By Ameh Ejekwonyilo
The National Judicial Council (NJC) has used its sledgehammer on some judicial officers for various offences.
It particularly asked the Abia State Governor, Okezie Ikpeazu, to retire two judges from the state judiciary. They are Justice Theresa Uzokwe, Chief Judge of Abia State and Justice Obisike Oji of the state High Court.
Also on the radar of the NJC are a Supreme Court Justice and two state Chief Judges, which the NJC set up a committee to probe.
In a statement issued on Thursday a�Zby the NJCa��s Director of Information, Mr. Soji Oye, the commission recommended the retirement of Uzokwe based on the recommendation of two committees that investigated allegations against her.
The NJC also issued a�?stern warnings to Justices Sunday Aladetoyinbo and Olusola Ajibike Williams of the Federal Capital Territory (FCT) and Lagos High Courtsa�?.
Part of the statement reads: “The National Judicial Council under the chairmanship of the Mr. Justice Walter Samuel Nkanu Onnoghen, at its 85th meeting which was held on the 14th March, 2018, recommended the compulsory retirement of Hon. Mr. Justice Theresa Uzokwe, Chief Judge, and Hon. Mr. Justice Obisike Oji of Abia State High Court of Justice to Governor Okezie Ikpeazu of Abia State.
“The council also issued stern warnings to Justices S. E. Aladetoyinbo and Olusola Ajibike Williams of the FCT and Lagos State High Courts.
“Hon. Mr Justice Theresa Uzokwe was recommended for compulsory retirement following the findings of two investigative committees set up by the council. The committees investigated petitions against her by Umeh Kalu (SAN), the Attorney-General/Commissioner for Justice of Abia State, alleging illegal constitution and working with a parallel Judicial Service Commission instead of the one constituted by the state governor and confirmed by the House of Assembly.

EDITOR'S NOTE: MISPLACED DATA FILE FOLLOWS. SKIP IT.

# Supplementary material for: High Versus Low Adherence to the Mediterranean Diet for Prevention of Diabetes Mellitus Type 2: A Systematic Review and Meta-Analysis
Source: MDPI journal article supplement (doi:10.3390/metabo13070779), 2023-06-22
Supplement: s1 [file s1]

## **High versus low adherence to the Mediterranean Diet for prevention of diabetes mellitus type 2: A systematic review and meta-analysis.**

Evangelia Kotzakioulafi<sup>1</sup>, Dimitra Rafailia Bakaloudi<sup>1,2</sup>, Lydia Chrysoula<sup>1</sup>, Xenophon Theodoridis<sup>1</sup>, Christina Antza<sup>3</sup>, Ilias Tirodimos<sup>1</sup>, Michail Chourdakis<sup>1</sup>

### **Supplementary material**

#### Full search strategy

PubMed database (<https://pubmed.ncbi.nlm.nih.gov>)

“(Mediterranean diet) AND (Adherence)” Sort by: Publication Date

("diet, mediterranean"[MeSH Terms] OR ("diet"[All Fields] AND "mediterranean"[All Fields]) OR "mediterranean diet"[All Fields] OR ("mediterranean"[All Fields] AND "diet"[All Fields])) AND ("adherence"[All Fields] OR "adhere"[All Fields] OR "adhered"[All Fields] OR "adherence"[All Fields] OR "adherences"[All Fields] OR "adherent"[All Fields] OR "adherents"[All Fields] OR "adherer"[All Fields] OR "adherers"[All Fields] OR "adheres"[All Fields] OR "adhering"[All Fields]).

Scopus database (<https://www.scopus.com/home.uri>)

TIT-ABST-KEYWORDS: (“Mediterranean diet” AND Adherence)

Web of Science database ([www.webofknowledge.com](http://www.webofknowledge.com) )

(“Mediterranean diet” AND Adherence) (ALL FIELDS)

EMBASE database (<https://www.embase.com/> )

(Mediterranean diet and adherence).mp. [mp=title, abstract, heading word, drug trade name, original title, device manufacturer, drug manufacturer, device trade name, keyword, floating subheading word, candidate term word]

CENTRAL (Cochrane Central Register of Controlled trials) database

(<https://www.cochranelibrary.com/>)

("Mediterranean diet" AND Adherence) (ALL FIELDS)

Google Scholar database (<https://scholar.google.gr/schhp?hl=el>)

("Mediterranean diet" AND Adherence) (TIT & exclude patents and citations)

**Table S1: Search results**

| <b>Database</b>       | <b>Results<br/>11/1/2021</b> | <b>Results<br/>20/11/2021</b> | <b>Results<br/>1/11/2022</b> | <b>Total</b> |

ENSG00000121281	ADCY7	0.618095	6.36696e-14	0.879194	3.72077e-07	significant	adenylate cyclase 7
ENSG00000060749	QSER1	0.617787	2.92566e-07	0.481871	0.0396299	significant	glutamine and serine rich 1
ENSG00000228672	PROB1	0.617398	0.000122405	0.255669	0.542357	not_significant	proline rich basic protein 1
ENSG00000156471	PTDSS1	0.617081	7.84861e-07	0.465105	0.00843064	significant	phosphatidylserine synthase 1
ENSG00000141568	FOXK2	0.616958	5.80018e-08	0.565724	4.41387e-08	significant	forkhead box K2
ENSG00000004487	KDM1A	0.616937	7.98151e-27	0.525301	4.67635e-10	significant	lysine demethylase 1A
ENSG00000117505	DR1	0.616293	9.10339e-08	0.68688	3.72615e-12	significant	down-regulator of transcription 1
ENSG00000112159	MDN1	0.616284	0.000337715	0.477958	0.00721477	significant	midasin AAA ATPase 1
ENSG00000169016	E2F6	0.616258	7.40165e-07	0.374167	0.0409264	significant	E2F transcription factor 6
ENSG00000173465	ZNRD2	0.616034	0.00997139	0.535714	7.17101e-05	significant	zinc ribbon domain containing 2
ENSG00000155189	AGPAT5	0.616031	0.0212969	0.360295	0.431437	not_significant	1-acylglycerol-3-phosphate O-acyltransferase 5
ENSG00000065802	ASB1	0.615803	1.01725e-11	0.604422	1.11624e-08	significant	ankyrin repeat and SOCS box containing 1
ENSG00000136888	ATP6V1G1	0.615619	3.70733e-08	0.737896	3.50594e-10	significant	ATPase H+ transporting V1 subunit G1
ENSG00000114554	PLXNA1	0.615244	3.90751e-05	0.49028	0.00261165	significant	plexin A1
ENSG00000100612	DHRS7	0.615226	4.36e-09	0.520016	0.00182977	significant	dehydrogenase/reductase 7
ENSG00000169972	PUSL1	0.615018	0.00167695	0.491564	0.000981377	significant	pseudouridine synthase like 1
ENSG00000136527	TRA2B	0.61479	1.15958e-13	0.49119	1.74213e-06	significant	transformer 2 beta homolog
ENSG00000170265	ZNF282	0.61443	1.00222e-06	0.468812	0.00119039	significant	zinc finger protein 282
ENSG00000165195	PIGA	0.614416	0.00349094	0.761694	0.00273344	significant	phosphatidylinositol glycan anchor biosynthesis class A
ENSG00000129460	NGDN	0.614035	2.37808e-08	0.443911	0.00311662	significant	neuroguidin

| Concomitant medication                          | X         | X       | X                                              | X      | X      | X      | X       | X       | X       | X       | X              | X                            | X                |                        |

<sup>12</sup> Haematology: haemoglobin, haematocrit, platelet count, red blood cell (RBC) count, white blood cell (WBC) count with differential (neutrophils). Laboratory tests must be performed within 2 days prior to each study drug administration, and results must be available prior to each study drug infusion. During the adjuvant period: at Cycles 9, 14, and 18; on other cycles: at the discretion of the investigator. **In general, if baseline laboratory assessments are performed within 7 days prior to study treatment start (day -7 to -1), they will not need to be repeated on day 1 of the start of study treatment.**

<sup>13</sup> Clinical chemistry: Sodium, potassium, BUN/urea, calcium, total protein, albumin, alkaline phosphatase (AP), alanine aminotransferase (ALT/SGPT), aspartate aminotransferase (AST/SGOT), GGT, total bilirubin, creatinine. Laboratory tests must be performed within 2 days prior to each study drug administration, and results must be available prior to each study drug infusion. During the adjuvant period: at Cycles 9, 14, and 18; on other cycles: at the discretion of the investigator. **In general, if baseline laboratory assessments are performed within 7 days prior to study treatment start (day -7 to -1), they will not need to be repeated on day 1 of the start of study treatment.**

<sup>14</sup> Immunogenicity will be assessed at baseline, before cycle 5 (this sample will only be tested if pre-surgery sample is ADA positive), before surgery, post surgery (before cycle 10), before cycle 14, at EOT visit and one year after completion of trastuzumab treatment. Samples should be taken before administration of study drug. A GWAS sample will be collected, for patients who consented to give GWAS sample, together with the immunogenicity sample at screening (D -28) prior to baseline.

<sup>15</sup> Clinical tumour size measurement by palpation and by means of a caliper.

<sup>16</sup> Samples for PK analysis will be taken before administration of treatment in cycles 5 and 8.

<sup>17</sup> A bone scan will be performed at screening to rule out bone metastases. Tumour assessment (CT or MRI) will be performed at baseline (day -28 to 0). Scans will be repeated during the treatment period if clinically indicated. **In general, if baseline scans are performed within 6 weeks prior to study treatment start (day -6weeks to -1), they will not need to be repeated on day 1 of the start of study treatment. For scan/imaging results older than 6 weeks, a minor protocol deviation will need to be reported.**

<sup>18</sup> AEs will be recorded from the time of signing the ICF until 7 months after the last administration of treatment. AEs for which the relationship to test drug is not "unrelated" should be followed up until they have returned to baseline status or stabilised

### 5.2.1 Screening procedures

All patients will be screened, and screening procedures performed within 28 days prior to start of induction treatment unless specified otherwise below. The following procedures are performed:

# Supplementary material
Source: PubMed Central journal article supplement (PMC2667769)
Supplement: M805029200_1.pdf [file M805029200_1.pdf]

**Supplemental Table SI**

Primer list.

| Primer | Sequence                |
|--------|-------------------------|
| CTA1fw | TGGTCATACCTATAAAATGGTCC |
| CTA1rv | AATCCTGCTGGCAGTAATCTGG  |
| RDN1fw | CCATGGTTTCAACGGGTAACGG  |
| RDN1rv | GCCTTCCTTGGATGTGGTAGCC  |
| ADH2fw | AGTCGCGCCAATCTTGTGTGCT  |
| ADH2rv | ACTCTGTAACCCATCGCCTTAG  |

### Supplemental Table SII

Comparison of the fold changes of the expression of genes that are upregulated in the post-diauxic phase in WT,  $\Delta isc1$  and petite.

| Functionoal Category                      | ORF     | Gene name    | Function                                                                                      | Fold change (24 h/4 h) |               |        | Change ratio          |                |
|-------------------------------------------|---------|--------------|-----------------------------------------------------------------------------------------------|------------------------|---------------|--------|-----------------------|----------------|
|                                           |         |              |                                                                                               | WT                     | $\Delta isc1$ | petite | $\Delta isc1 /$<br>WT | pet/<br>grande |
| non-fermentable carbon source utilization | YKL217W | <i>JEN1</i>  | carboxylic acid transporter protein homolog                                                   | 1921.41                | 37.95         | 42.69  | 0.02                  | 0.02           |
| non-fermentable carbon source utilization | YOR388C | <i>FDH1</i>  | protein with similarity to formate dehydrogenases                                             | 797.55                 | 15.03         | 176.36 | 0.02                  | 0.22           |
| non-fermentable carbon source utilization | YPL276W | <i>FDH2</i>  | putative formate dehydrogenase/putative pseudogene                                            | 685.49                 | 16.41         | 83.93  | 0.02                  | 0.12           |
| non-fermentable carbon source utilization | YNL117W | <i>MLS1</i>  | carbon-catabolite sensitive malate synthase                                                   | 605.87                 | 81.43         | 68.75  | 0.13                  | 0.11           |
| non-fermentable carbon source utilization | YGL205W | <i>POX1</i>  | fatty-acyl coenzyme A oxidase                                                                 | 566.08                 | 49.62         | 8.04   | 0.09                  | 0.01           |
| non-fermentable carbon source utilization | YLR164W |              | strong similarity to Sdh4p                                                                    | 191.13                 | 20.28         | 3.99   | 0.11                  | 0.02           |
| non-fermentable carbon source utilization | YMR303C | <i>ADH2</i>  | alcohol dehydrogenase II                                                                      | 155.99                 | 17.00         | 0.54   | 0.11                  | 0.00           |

“Hon. Mr Justice Uzokwe was also found to have misconducted himself in Suit No. HU/131/2005, wherein he delivered judgment in the sum of N825,000 in favour of a litigant, but subsequently signed a garnishee order of N109, 612,500.00
“Hon. Mr. Justice Obisike Oji was earlier queried by the council for allowing himself to be sworn-in as Acting Chief Judge, and thereby colluding in, and aiding an unconstitutional process. His reply was unsatisfactory and the council recommended his compulsory retirement.”
a�Z Oye said that during the meeting, the NJC considered various petitions written against 31 judicial officers and resolved to empanel three investigative committees against one Justice of Supreme Court and two State Chief Judges.
He said that petitions against various justices were dismissed either for lack of merit, lack of evidence of misconduct, being sub judice or that the subject of such petitions were matters for appeal.
The dismissed petitions were agains Justices Abdu Aboki, Theresa Abadua and Ahmed Belgore, all of the Court of Appeal; Justices J. T. Tsoho, Ayo Emmanuel, Sabiu Yahusa, Zainab B. Abubakar, B. O. Quadri of the Federal High Court; Justices A. N. Ubaka and B. B. Kanyip of the National Industrial Court (NIC); Justices Bello Kawu, S. C. Orji, A. N. Talba of the FCT High Court; Justice K. C. Nwankpa of High Court Abia State; Justice D. A. Onyefulu of High Court, Anambra State; Justice W. I. A. Effiong High Court, Akwa Ibom State; A. M. Ikpambese, High Court Benue State; Justice G. E. Gbemre, High Court Delta State, and Justice A. O. Onovo, High Court Enugu State.
Others are Justice Idi Apollos, High Court Gombe State, Justice G. O. Ogunsanya, High Court Ogun State; Justice A. B. Abdulkarim, High Court Osun State; Justice K. A. Ojiako, High Court Imo State, and Justices A. M. Lawal, L. A. Okunnu and L. B. Lawal Akapo, High Court Lagos State respectively.
He said that the Council decided to advise Justice J. E. Ikede of Delta State High Court and Justice Yusuf Halilu of FCT High Court to be more careful in the course of their duties.
Oye added that NJC also recommended 60 judicial officers to 24 state governors for appointment as High Court judges, Sharia Court Kadis and Customary Court of Appeal judges.
By Ameh Ejekwonyilo